“Corporate legal departments have a tremendous interest in giving back to the local community and in setting a high standard for citizenship and professionalism by providing pro bono service to the neediest Texans,” said Peggy Montgomery, retired counsel at ExxonMobil and founding member of the Houston Pro Bono Joint Initiative Coordinating Committee.  “We are certain that this new initiative will provide a valuable and powerful mechanism to align the pro bono efforts of in-house attorneys and Houston-area law firms, resulting in broader access to justice for all.”

The inaugural members of the Houston Pro Bono Joint Initiative Coordinating Committee were: Christian Callens, Skadden, Arps, Slate, Meagher & Flom LLP; Patrick Cohoon, Cozen O’Connor; Rob Fowler, Baker Botts LLP; Ivett Hughes, Halliburton and Pro Bono Coordinator for the Association of Corporate Counsel Houston chapter; Charles Kelley, Mayer Brown LLP; Karen Lukin, Marathon Oil; Sylvia Mayer, Weil, Gotshal & Manges LLP; Peggy Montgomery, ExxonMobil; and Laney Vazquez, BP.  Since formation of the Joint Initiative, Susan Sanchez with ExxonMobil has replaced Peggy Montgomery and Mike Rigo with BP has replaced Laney Vazquez.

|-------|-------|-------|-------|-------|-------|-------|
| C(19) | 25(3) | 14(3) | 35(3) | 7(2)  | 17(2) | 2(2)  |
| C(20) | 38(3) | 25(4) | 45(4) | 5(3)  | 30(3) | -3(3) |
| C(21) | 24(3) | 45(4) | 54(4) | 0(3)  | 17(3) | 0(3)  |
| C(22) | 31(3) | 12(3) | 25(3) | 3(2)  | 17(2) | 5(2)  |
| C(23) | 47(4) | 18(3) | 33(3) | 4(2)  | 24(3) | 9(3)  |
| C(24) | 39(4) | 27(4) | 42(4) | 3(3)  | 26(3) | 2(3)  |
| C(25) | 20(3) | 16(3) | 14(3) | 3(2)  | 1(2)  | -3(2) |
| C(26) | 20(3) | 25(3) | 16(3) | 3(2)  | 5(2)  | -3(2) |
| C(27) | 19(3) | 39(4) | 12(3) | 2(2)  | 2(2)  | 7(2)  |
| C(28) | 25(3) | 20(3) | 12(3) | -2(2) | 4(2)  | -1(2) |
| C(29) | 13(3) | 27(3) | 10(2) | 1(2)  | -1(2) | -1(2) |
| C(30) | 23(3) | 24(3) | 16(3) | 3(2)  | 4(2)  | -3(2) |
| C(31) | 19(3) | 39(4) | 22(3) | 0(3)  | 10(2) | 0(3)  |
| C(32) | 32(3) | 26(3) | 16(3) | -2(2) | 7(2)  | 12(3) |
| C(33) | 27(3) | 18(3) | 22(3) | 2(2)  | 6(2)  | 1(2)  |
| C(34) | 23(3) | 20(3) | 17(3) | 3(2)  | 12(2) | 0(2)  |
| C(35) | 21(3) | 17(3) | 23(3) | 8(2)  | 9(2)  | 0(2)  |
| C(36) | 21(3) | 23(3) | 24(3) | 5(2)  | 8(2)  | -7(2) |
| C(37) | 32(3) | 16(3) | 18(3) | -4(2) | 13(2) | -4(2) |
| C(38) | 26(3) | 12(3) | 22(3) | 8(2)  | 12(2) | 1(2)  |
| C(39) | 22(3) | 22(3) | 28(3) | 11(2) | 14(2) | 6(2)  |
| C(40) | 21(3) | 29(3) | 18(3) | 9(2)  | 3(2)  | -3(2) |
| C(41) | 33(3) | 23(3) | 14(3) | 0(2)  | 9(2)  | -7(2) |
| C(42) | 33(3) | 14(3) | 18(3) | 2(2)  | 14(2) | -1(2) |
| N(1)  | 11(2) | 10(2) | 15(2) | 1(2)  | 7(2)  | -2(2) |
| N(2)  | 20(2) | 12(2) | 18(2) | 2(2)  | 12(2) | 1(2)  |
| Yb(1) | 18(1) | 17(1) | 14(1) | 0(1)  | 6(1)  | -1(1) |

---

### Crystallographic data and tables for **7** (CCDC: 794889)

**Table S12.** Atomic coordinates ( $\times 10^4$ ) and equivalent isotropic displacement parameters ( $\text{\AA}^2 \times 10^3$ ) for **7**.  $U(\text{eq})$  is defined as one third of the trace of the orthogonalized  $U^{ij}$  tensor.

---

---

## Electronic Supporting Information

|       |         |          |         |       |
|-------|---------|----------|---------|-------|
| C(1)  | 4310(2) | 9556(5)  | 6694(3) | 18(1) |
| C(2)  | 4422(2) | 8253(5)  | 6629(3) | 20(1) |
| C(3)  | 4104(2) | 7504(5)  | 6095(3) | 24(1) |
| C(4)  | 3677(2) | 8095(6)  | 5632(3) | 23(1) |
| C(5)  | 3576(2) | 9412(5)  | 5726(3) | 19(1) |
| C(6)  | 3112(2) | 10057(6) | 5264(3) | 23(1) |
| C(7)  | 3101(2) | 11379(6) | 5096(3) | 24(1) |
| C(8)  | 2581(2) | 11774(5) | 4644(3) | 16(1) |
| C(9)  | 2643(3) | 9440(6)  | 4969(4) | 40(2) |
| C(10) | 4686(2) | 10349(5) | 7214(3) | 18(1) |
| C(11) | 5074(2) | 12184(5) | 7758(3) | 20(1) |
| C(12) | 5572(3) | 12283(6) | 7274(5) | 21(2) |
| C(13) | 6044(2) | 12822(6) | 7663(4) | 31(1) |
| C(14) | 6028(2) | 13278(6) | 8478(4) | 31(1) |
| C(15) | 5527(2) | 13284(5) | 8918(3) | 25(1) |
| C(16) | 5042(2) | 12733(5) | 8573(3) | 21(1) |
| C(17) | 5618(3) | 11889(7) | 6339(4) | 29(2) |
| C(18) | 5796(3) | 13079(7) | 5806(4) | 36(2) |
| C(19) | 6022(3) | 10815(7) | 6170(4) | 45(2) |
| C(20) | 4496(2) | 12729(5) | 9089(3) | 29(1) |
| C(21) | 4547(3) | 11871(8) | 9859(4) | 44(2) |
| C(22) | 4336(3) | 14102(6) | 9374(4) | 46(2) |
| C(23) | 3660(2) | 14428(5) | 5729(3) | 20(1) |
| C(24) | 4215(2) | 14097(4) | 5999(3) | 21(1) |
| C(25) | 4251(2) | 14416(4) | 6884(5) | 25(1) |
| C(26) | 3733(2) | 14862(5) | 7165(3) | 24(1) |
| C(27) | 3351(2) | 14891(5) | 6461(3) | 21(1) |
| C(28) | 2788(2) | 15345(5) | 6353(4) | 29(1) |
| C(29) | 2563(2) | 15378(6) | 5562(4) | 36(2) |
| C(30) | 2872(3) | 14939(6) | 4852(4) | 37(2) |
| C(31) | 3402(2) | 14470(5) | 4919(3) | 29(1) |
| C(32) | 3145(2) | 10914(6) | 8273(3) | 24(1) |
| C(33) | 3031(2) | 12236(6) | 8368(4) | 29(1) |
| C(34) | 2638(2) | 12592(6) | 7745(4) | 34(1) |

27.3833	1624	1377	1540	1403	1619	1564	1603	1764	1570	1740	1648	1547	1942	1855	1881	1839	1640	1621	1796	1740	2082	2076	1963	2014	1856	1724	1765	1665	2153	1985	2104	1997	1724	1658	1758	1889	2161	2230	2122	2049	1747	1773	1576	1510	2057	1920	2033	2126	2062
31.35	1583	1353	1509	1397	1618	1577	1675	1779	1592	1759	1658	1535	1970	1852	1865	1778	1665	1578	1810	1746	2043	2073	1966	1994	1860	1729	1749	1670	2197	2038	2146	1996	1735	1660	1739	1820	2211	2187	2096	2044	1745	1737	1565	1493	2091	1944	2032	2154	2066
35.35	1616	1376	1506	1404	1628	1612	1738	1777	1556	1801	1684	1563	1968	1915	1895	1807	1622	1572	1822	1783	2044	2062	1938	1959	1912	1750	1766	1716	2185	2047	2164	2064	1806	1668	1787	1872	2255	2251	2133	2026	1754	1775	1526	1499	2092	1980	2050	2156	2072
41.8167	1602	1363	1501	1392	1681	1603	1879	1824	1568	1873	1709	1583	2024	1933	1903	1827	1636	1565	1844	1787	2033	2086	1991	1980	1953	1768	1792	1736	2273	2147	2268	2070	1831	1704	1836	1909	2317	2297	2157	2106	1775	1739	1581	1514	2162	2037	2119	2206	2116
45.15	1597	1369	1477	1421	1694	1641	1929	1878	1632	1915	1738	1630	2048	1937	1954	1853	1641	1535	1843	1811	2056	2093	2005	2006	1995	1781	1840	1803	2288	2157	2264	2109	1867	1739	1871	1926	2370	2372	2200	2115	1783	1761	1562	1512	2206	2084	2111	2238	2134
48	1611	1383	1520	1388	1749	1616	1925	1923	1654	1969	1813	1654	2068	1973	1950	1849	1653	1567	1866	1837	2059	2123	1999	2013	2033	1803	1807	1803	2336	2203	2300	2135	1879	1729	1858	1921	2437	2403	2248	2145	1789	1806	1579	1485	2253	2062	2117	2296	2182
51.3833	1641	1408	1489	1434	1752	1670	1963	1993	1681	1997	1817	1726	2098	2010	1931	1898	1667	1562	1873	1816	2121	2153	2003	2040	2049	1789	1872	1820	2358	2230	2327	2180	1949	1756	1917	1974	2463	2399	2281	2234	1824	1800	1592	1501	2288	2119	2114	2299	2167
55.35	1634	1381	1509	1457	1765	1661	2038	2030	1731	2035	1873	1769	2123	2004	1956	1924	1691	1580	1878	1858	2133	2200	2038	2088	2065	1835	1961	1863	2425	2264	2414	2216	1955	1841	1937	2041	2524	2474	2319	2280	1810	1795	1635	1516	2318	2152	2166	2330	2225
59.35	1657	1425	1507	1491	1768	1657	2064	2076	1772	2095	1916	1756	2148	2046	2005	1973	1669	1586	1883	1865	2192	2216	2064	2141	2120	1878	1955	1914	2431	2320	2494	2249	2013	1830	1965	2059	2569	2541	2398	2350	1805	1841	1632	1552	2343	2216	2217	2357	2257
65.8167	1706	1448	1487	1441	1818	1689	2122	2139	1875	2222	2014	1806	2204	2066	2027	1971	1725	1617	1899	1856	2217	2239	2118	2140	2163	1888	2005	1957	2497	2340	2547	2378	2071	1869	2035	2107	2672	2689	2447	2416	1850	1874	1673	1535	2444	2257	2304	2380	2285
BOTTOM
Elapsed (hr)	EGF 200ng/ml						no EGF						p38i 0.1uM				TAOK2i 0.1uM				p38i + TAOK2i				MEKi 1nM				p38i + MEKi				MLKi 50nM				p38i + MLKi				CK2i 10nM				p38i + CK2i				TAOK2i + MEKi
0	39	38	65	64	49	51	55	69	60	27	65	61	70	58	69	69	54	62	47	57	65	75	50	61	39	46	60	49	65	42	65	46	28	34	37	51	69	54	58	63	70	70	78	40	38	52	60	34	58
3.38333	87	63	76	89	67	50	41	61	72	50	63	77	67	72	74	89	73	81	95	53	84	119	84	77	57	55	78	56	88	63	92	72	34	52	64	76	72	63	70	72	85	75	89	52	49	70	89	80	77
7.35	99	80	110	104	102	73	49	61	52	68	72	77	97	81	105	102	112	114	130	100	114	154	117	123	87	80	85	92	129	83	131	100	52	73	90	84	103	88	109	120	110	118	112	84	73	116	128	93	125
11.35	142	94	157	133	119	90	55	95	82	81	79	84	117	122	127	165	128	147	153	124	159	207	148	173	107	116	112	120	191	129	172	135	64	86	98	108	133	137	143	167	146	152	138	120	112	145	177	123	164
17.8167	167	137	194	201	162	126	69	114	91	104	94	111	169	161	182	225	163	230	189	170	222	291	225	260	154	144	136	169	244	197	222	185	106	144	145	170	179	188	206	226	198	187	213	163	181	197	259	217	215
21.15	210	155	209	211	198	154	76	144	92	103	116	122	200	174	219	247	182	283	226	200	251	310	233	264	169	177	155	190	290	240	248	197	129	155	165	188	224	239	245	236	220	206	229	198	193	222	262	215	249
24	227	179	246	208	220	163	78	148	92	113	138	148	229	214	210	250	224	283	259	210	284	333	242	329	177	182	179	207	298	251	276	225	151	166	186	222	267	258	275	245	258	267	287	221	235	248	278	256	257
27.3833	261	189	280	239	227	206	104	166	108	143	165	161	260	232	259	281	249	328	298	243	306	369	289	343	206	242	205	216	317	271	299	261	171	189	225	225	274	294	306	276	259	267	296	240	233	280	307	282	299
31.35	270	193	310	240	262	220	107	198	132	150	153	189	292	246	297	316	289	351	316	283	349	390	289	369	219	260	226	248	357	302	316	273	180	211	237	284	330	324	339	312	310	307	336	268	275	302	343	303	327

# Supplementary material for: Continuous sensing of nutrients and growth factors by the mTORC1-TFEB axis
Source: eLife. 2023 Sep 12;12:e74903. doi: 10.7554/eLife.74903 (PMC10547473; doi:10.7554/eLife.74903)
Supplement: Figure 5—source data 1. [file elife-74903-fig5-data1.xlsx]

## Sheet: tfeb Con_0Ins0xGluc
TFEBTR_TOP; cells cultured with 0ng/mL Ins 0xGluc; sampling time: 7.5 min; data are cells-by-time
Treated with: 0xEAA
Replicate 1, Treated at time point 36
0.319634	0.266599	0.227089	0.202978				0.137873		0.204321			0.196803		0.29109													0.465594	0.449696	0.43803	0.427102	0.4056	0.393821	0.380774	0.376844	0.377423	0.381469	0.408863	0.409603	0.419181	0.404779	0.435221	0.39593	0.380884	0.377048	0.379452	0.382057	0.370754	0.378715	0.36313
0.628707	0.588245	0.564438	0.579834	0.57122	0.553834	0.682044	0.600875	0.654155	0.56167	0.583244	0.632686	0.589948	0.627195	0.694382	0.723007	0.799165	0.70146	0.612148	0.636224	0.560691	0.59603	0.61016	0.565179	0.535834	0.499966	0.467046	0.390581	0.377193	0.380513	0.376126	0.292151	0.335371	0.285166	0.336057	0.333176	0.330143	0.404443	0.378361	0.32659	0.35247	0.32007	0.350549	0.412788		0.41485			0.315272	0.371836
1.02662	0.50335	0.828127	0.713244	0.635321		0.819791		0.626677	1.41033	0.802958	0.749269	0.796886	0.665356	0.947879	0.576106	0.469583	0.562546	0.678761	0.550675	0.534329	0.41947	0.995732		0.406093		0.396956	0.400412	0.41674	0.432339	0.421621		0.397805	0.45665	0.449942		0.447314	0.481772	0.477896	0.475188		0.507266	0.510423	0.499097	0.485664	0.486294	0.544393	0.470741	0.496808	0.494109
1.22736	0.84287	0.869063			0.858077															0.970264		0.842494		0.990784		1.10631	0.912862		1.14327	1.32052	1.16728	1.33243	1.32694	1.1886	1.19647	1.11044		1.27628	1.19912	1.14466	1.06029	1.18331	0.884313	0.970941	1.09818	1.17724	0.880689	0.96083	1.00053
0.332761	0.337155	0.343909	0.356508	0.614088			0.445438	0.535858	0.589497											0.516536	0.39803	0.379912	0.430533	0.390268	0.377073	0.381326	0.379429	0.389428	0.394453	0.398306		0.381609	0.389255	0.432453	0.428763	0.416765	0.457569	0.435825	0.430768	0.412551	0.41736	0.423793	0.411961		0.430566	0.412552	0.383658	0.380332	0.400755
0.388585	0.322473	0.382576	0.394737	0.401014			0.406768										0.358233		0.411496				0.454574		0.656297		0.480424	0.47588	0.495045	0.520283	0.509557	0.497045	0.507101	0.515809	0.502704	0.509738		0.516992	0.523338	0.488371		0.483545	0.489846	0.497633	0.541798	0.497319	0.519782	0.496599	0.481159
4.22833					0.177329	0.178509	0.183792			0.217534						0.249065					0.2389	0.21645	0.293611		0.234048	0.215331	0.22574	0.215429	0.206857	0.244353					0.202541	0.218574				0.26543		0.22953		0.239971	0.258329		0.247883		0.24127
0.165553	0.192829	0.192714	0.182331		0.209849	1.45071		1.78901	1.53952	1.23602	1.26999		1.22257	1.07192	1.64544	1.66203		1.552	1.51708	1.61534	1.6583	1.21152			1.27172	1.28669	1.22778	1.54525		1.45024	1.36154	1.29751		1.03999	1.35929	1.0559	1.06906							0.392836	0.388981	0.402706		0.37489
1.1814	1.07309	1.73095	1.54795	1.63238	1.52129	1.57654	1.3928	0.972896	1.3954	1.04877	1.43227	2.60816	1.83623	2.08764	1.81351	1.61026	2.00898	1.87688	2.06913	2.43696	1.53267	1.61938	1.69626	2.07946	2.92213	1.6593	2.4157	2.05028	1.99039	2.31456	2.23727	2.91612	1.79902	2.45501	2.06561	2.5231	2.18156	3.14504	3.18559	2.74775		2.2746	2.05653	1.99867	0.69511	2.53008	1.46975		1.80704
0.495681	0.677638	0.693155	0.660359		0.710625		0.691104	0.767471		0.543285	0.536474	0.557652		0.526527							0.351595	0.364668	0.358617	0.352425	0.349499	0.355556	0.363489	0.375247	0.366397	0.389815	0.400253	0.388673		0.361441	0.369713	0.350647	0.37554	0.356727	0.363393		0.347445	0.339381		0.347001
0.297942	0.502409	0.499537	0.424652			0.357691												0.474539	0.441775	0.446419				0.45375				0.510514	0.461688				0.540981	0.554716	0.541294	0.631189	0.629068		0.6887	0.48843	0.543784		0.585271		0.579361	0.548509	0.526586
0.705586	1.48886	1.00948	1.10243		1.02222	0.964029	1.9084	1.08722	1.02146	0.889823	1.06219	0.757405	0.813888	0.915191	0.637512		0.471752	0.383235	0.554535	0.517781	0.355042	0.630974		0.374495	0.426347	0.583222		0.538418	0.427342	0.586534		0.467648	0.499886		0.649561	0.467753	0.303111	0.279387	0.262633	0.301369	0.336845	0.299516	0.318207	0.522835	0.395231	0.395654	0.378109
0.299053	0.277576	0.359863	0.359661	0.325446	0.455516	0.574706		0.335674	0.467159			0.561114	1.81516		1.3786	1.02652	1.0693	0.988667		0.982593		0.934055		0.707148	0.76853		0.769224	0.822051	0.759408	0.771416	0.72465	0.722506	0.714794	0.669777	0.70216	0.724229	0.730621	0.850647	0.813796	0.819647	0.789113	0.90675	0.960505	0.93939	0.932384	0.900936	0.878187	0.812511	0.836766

Law Librarian and attorney, Elizabeth Black Berry at Weil in Houston is the administrative member of the HPBN and HPBJI.  She also takes her own Pro Bono cases and will be happy to field any questions or comments about the work of the two Houston Pro Bono groups.  She can be reached at elizabeth.berry@weil.com or (713) 546-5055.

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Celebrating National Pro Bono Week

October 24-30, 2010 is National Pro Bono Celebration Week, and Kate Bladow, blogger at Techno.la, encouraged us to contribute a post this week to help celebrate. As a result, we asked a couple of attorneys to write out a few thoughts on why they think Pro Bono work is important. We have the privilege of having David Curcio, Partner, Jackson Walker, and Tara Kelly, Counsel, King & Spalding taking time out of their day to share their Pro Bono experiences with all of us.

Pro Bono: Helping Others, Helping Yourself, Helping Your Profession

David Curcio, Partner (LinkedIn)
Jackson Walker L.L.P.